The decision of His Honour Judge McGill SC in the District Court of Queensland in the matter of AAI Ltd v Spangers has dismissed an application from an insurer seeking documents and information from a claimant. Essentially, The court prevented Suncorp from seeking irrelevant information from claimants.
Suncorp Sought Excessive Amounts of Information for Claim
AAI Ltd trades as Suncorp Insurance and provides various insurance products, including insurance for motor vehicles. On 25 January 2017, the Claimant was travelling as a passenger in a motor vehicle on the Bruce Highway. While driving there was a single-car accident, which injured the Claimant. He hurt his neck, left shoulder, lower back, and left hip. While he recovered from most of his injuries he had persistent shoulder problems and had shoulder surgery on two occasions.
The Claimant worked as a diesel fitter. He had largely been able to return to work. However, he was still struggling with his injuries and rehabilitation. On 13 June 2017, the Claimant brought a claim for damages for personal injuries under the Motor Accident Insurance Act 1994 (Qld). The Act permits insurers to ask claimants to provide additional information. This information is in support of their claim. In particular, Insurers use the information to provide additional information about the injuries that are the subject of the claim. The Insurer in this case asked for documents and more information from the Claimant. The Claimant endeavoured to provide those documents and the information requested. The Insurer was not satisfied with the documents provided and the level of detail in the information requested.
Suncorp Sought Court Order to Receive Information
Consequently, the Insurer brought an application in the District Court of Queensland. The Court heard the application on 17 September 2019. The Insurer sought orders for the Court to direct the Claimant to answer certain questions and provide certain documents. Judge McGill SC found it unnecessary to order the Claimant to answer those questions or provide those documents. Consequently the application failed. Relevantly His Honour mused on the subject of the necessity of providing gross pay, weekly tax and net pay figures. His Honour noted that His Honour could not recall an occasion when it had been relevant to know all three of those figures in a claim for damages for personal injuries. As a result, The Court did not order the Claimant to provide that information.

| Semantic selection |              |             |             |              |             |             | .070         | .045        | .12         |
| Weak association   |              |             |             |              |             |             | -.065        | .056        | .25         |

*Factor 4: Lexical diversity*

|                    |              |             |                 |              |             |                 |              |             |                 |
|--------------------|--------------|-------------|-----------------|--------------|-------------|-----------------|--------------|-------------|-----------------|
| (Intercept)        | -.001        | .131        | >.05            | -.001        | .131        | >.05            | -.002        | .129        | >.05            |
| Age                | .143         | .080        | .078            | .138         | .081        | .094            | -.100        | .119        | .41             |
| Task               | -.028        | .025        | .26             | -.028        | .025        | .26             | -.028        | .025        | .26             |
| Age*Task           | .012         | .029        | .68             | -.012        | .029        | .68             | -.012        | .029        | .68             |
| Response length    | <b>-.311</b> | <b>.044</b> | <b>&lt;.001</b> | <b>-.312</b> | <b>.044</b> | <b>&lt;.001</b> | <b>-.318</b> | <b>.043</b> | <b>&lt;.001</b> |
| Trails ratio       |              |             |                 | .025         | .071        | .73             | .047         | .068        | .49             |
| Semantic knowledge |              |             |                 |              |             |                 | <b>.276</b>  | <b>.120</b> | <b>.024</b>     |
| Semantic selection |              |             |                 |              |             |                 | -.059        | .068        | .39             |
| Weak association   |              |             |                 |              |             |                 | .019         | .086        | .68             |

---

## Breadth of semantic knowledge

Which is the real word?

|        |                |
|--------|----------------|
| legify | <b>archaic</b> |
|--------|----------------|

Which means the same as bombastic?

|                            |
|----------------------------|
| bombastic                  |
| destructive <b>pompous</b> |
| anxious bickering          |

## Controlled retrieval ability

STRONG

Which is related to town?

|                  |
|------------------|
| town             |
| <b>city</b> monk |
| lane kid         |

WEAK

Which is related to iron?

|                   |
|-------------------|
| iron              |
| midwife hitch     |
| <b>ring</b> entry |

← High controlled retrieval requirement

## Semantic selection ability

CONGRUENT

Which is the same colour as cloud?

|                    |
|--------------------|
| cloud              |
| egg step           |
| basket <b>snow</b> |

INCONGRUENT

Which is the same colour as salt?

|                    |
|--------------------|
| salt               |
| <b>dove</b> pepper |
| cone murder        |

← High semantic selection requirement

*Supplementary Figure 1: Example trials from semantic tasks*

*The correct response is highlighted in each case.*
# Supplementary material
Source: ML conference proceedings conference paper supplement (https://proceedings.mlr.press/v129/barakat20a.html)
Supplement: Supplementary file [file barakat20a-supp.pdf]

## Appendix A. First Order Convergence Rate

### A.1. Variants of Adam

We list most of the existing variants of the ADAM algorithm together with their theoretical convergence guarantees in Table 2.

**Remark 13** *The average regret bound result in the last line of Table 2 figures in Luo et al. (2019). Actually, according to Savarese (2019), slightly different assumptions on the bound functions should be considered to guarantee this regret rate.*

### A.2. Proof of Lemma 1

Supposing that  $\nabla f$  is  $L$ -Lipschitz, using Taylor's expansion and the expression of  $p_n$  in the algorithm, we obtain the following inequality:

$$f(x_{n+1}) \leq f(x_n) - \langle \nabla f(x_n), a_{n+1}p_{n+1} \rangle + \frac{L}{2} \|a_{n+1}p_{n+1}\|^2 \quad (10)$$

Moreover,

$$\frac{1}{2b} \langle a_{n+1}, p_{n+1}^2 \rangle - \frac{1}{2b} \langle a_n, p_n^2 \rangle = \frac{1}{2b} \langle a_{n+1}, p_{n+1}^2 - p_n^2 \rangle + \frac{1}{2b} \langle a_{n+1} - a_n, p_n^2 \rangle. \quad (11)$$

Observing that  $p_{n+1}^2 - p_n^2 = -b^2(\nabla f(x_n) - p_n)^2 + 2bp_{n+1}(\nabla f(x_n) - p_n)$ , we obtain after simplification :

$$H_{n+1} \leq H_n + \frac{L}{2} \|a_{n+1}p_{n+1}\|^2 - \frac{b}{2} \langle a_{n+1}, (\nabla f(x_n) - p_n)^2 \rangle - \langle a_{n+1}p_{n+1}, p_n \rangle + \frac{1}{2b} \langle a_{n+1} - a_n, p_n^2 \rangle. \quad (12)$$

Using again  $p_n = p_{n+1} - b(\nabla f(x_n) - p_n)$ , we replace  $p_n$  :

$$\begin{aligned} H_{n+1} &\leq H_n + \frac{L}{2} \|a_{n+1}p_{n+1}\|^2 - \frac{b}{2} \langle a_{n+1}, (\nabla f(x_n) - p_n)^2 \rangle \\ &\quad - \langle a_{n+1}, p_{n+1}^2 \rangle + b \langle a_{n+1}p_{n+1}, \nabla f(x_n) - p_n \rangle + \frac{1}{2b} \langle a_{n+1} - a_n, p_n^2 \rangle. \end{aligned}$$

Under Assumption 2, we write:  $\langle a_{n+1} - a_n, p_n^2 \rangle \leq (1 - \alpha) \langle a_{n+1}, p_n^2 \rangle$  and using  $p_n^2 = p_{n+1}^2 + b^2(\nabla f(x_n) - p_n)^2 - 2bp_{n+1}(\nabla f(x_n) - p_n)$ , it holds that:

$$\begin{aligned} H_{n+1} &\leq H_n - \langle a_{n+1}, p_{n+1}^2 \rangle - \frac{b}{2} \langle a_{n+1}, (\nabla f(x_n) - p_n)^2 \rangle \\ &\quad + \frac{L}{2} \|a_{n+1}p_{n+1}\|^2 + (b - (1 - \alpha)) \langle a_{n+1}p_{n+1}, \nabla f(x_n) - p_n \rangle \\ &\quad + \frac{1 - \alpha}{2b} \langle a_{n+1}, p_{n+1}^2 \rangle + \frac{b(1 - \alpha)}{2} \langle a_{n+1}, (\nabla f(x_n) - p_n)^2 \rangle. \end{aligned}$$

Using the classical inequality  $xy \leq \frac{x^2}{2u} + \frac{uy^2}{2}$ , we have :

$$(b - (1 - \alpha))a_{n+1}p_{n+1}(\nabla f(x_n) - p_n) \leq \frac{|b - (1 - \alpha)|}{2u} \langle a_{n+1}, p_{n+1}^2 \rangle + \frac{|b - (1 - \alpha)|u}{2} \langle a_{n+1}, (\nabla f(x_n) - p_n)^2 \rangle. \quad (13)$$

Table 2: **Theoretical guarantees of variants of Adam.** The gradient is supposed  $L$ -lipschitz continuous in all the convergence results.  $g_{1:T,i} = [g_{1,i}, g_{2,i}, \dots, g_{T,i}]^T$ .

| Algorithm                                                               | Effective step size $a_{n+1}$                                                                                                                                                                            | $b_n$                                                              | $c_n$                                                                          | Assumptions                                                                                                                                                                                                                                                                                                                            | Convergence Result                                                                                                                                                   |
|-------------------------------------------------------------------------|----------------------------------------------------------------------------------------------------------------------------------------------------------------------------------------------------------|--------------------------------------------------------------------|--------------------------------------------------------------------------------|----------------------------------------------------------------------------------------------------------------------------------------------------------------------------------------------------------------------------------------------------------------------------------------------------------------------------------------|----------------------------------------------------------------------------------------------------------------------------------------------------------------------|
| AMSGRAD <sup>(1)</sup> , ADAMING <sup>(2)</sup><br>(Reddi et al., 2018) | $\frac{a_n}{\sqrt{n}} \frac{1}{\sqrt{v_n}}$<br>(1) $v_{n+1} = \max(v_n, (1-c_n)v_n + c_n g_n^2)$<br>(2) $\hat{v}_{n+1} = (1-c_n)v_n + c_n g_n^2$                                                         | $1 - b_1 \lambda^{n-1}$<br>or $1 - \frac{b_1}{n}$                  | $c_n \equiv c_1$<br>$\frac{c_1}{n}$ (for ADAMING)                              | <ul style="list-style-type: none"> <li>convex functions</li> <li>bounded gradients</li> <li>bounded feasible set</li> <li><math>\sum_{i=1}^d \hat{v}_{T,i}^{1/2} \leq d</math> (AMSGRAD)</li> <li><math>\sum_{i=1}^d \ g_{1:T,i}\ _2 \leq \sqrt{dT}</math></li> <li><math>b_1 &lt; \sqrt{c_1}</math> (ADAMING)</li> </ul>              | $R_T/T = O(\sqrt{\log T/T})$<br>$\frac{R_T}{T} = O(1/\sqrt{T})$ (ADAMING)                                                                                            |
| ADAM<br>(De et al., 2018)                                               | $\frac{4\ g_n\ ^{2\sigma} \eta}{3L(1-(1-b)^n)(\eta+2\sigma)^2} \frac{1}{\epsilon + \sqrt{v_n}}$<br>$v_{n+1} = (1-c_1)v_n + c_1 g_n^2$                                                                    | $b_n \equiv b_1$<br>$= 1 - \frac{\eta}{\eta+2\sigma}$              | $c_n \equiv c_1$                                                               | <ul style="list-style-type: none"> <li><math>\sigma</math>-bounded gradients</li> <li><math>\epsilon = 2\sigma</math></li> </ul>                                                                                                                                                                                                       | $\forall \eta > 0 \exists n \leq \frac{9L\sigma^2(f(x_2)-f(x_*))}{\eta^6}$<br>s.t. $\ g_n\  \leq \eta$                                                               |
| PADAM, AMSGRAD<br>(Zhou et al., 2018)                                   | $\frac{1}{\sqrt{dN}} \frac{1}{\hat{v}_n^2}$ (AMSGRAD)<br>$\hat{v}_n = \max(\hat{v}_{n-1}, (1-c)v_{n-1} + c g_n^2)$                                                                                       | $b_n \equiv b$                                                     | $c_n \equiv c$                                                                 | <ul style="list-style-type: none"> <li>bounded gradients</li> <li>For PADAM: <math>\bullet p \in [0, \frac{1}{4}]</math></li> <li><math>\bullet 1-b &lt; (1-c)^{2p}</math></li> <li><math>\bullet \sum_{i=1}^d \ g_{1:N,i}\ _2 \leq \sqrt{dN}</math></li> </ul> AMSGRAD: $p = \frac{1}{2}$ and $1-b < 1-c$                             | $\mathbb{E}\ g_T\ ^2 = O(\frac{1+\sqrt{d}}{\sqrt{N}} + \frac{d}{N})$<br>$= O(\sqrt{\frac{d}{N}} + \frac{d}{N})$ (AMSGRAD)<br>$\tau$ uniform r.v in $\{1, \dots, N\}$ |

Suncorp Prevented From Seeking Irrelevant Information
His Honour discussed a tendency in the last twenty years for original documents not to be provided in litigation. His Honour noted that photocopies were put in evidence, with neither party taking objection. On this same subject, His Honour said that typewriters appear to have gone the way of steam engines. Regardless, it is best practice to ensure original documents are used in evidence. In respect of information that a Claimant should provide, His Honour noted that an insurer must reasonably request the information, and it must be relevant to the claim. In His Honour’s opinion, if questioning becomes too wide, the process can be oppressive, which can frustrate and delay a claim rather than assist in speedy resolution.
His Honour considered some examples of what would and would not be relevant. His Honour considered a childhood bout of chickenpox or mumps, that a person recovered from, would not be relevant to a claim. The matters which are relevant have bearing on the assessment of the quantum of a claim. For example, where a person suffers a fracture which heals without adverse effects, but there is a known increased risk of osteoarthritis in the future. His Honour considered that would be something which ought to be disclosed.
What This Means for Future Cases
Clearly the relevance of a piece of information will differ on a case by case basis. The important exercise is to consider the relevance and therefore admissibility of the evidence. That is to say that if something is not relevant, it is not admissible, and if so, for an Insurer to require disclosure of something that is not relevant or admissible would be oppressive. The Insurer’s application failed. His Honour considered awarding costs in the Claimant’s favour, but instead decided to avoid over-complicating matters. Instead His Honour made no order as to costs.
This case is instructive as to the appropriateness or otherwise of requests from insurers for documents and information. It is important to understand the rules of evidence to ensure the expeditious resolution of the issues in conflict between the parties.